Are there any "Century" guru's here that could help me get info or more knowledge on this motor.
Voltage:115 or 230ac
On start up the brushes spark quite a bit, keep in mind I don't know much about motors didn't take those clases in school know I wish I had. As I understand this, does the body of this motor charge like a Cap, and do I need to bleed this off before opening it up? It runs very quite except the sparks, there is no ground wire on this so should I ground the frame of the motor or the mill/shaper? A cabnet next to it seemed to be energized on the metal frame, so I suspect that the cabnet was acting like an air coupled electronic device. I checked it out with a an ac device. I want to take it apart and clean it up, what oil should I use for the bearings?
Sparking probably OK. Brushes should lift when motor gets up to speed. These old motors were great-have very low start amps. They used tapered brushes. Bob
Century was bought by A.O. Smith Electric. They have tech support available for old Century motors last I checked.
Thanks for the info, so I can pull the front cover plate off to access the brushes and bearings? The hardware store near me is fairly old and they have an assortment of brushes. I should be able to find tapered ones there.
I looked at the A.O. site but was unable to find any info on my motor is it something I will have to call them about?
The century motors I have use end-on brushes
(they bear on the face of the commutator) but
I think they're not tapered.
Most of those motors are highly re-buildable,
but be careful as the brush holders may be
made of an older material like hard rubber or
fiber, and may be brittle.
The motors are reversed by shifting the brushes
so there will be an adjustment in there, check
to see where it's seat before taking it apart.
The brushes should lift when the motor comes to
speed, there should be a centrifugal actuator
similar to the switch in a capacitor start motor,
but that lifts the brushes away from the
Those motors have great starting torque, and I
think they were in use during the days when
electrolytic capacitors were rare. The pony
motor in my phase converter is repulsion induction
Yes, you will ned to call them. They don't make these any more, but they should have drawings / manual available on them. I had to get info on one 4 or 5 years ago and they had it then.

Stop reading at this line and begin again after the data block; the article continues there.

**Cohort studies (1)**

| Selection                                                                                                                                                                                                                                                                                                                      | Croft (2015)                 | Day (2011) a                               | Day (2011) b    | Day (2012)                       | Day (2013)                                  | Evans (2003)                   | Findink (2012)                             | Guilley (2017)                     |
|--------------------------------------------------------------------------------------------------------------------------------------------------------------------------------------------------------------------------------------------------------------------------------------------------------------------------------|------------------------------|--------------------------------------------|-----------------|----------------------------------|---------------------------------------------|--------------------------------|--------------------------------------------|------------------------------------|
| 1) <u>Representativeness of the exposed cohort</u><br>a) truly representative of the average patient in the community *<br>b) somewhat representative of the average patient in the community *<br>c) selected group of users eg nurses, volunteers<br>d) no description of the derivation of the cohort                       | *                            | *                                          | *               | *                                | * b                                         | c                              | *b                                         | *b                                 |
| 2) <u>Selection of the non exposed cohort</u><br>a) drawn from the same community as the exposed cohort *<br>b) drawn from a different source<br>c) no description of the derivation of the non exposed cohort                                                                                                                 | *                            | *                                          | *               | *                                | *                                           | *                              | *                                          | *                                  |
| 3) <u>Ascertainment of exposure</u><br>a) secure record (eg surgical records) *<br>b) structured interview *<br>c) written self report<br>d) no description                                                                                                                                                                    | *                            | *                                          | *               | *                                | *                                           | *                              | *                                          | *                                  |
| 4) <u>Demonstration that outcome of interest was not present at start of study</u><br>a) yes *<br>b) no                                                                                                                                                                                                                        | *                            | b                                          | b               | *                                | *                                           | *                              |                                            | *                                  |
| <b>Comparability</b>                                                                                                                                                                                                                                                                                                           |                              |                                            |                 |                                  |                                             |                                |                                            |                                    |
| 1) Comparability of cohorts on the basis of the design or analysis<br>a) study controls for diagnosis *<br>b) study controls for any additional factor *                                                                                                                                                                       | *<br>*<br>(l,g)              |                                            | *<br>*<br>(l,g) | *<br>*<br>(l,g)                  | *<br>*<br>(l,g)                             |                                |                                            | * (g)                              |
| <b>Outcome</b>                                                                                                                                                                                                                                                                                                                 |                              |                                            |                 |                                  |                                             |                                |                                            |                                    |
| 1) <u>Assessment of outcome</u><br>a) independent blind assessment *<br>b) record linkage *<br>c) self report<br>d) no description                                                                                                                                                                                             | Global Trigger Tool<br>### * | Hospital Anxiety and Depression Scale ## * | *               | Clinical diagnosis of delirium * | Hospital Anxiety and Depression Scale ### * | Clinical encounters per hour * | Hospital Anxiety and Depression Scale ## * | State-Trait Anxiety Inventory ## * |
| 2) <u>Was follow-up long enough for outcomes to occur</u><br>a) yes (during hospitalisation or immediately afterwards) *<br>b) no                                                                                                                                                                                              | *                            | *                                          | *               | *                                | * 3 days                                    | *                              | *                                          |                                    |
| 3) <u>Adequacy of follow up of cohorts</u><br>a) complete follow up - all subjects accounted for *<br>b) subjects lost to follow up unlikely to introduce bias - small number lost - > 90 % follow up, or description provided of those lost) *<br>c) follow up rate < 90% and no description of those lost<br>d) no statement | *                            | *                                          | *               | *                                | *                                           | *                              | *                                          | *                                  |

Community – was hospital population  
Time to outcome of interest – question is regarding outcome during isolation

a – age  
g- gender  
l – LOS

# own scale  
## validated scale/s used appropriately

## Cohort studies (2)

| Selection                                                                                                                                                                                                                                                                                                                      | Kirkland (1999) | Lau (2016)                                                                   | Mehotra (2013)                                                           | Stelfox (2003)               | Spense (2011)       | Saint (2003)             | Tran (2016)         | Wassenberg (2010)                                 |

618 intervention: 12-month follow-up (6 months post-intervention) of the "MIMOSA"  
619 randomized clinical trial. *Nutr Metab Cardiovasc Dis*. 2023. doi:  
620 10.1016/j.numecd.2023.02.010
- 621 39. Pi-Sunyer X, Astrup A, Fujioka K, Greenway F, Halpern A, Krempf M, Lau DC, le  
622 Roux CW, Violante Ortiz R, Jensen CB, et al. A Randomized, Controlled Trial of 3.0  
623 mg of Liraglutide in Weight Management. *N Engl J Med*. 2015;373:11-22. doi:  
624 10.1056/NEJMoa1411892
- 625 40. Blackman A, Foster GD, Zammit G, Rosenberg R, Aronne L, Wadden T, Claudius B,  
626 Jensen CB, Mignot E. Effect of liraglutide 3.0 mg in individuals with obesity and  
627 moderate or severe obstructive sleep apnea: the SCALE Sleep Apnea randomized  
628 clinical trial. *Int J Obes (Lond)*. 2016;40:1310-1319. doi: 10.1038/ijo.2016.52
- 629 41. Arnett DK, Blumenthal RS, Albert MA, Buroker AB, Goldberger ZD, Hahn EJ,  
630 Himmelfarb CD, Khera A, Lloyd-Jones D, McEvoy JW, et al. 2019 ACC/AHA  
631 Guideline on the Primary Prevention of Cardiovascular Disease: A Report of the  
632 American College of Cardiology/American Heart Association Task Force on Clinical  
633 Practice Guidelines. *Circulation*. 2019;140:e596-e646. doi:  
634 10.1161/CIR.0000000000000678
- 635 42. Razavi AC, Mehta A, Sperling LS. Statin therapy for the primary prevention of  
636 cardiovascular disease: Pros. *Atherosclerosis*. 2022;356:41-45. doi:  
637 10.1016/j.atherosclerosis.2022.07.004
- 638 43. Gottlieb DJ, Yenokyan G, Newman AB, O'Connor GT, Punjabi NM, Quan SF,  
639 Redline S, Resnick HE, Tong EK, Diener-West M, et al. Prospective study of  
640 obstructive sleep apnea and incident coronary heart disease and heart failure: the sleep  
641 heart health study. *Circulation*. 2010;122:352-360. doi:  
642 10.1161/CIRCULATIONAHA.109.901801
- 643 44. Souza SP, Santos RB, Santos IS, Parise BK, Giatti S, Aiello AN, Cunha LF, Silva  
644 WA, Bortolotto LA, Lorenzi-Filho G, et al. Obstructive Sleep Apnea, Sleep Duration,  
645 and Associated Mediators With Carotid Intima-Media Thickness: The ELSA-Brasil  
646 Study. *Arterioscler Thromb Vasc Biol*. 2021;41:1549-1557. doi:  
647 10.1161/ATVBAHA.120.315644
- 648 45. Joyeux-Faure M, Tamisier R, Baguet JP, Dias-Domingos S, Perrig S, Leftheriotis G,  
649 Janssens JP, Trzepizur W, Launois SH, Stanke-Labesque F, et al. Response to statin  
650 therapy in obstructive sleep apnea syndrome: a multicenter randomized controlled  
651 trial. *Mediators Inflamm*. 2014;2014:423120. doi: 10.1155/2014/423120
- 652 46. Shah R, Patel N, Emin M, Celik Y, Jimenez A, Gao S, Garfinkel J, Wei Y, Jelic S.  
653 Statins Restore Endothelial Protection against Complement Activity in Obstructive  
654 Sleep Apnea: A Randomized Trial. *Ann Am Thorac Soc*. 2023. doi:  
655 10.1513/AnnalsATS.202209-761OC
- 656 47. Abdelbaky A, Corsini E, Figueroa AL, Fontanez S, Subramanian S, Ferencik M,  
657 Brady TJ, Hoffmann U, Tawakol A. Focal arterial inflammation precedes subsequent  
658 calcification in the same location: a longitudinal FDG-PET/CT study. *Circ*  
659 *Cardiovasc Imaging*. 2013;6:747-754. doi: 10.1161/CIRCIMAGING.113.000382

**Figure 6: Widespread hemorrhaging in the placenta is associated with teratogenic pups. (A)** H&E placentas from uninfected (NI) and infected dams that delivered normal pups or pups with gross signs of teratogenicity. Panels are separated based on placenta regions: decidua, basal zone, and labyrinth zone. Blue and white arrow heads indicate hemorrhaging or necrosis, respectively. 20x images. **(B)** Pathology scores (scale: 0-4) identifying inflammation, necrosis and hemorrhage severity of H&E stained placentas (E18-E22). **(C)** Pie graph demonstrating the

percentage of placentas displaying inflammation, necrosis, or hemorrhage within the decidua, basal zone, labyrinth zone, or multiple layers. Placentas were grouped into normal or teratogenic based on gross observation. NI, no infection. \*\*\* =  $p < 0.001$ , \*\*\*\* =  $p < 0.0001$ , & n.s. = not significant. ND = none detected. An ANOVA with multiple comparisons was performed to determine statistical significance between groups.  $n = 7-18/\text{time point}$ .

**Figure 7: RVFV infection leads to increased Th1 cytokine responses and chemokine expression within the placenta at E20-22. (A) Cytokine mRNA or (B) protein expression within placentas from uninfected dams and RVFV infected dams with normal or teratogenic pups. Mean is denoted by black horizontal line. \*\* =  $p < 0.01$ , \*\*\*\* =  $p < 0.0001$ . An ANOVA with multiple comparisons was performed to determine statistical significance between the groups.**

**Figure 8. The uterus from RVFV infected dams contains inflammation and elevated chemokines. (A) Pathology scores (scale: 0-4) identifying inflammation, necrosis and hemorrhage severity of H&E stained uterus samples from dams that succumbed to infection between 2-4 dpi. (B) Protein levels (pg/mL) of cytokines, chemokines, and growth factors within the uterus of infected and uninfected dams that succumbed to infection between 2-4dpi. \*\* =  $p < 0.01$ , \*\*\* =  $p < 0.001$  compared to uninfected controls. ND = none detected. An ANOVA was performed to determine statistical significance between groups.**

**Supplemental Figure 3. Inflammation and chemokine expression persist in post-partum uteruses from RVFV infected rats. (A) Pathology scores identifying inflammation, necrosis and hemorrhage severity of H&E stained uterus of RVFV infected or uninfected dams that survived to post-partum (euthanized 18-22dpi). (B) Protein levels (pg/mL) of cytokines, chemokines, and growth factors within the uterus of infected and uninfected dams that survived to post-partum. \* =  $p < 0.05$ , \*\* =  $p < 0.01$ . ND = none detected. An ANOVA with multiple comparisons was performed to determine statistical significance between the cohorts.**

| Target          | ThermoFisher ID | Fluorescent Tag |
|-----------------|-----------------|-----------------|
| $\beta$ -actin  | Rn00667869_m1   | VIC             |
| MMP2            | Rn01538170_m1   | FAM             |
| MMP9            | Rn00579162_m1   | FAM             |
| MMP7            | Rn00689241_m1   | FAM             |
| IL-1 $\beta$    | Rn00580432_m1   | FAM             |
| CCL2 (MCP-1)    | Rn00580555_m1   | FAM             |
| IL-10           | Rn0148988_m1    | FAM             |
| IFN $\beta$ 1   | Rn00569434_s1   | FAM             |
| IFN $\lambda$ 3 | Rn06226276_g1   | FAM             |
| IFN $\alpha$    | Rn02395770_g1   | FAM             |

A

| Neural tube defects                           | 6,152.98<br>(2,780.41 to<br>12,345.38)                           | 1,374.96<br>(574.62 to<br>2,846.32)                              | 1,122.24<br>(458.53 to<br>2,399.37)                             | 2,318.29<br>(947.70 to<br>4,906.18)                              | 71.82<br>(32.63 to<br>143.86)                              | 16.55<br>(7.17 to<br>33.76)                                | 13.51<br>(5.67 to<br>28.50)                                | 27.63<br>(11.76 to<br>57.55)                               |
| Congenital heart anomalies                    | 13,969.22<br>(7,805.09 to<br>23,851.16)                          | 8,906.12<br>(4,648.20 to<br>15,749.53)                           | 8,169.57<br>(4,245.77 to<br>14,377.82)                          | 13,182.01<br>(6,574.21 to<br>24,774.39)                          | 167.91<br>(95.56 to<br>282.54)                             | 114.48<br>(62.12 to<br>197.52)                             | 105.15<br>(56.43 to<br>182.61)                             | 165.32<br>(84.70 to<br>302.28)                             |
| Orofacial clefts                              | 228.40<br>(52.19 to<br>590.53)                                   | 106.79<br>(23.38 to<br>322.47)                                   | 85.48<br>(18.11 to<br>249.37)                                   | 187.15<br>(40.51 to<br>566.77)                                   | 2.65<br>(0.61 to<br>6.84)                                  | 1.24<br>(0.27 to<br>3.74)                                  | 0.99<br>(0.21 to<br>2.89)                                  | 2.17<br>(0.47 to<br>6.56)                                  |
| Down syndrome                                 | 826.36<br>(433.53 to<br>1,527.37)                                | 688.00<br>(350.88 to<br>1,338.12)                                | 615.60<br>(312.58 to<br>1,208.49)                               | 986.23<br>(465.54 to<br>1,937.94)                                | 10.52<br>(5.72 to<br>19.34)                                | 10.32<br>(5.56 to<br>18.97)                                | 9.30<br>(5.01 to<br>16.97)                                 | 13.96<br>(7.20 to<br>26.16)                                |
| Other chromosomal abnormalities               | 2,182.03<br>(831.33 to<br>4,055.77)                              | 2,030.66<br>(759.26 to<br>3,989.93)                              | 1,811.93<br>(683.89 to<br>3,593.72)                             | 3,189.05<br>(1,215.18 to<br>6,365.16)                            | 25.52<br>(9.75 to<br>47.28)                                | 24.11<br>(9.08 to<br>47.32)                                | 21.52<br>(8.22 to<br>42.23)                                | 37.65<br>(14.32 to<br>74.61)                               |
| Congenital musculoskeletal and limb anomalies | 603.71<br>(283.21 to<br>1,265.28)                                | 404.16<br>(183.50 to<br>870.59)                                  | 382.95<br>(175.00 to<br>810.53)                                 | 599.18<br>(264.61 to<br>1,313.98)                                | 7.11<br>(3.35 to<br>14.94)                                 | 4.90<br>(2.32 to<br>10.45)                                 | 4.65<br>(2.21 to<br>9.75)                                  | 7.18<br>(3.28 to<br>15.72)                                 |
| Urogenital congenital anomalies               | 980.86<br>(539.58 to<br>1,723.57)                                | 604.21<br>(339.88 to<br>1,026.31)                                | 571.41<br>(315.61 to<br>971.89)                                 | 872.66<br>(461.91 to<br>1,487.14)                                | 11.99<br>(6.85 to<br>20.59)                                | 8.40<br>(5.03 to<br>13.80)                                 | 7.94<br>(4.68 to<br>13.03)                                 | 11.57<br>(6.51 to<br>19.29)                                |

I had a RI motor for a while but do not remember the brand name. I had to reverse it for its new owner. I did not get the brushes rotated quite enough and the brushes sparked like mad.
You might wish to check this. When you remove the plate covering the brush holder you should see a plate with both brushes mounted in it. this plate has slotted holes that allow you to rotate the brushes 45 degrees to reverse the motor. There should be an index mark on the motor frame and another on the moveable brush holder. These index marks must line up. If yours is not lined up but you can seee the marks and they are not far apart then I would suspect you have found the problem. There should be one index mark on the housing and two on the brush holder with the marks about 45 degrees apart.
Like I said, I do not remember if my motor was a Century or not. I hope this helps.
There is an adjustment armature on the left that has 2 markings one on top has a "R" stamped on it and below that it is stamped "L". The pointer is just below the "L" marking.
So if I get this right I should turn that adjustment a bit more down below where it is now to get the brushes closer. This will lessen the sparking right?
Try cleaning the commmutator. These motors have a fairly open frame and dust, grease and grime tend to settle on everything exposed. A wipe with alcohol might just do the trick.
Thanks for the input guys, I will see what I can do.
Gunmetal, please earth the motor frame, I wish for you to have a long and happy life. And while you are there, check all your machines have their metalwork/motors earthed - just incase a wire drops of.
I have rebuilt a lot of these motors I do have some infomation on them . These motors are used on pipe organ blowers I have seen them as far back as 1890's still doing there job if you still need help getting this one going let me know
I own a 1940's Parks 4" X 12" wood plane that I purchased well-used and which I rebuilt around 1973. It came with a then-new 2 hp Emerson reverse Induction motor, which is the size of a medium watermelon. . At the time that I bought the machine from a shop in Los Angeles I also bought a set of new brushes for spares.
At the time, the dealer told me that I was wasting my money since, according to him, the brushes lift automatically at startup and typically don't get much wear. Turns out, he was right. I used the machine almost incessantly in the 1980's and I don't recall ever seeing any sparks when it operated. The motor always started instantly with no delay. As mentioned above, I would suspect that if it is sparking, it must need a good cleaning.
I still have the new set of brushes in a drawer in my shop 40 years later.
The sparking on these is due to the commutator bouncing the brushes,ether the comm is not true or high mica I usually cut a little as passable to true up the comm then cut the mica a little below the the segments not much the brushes need to run to get the motor to 75% full speed that can adjusted by the Governor spring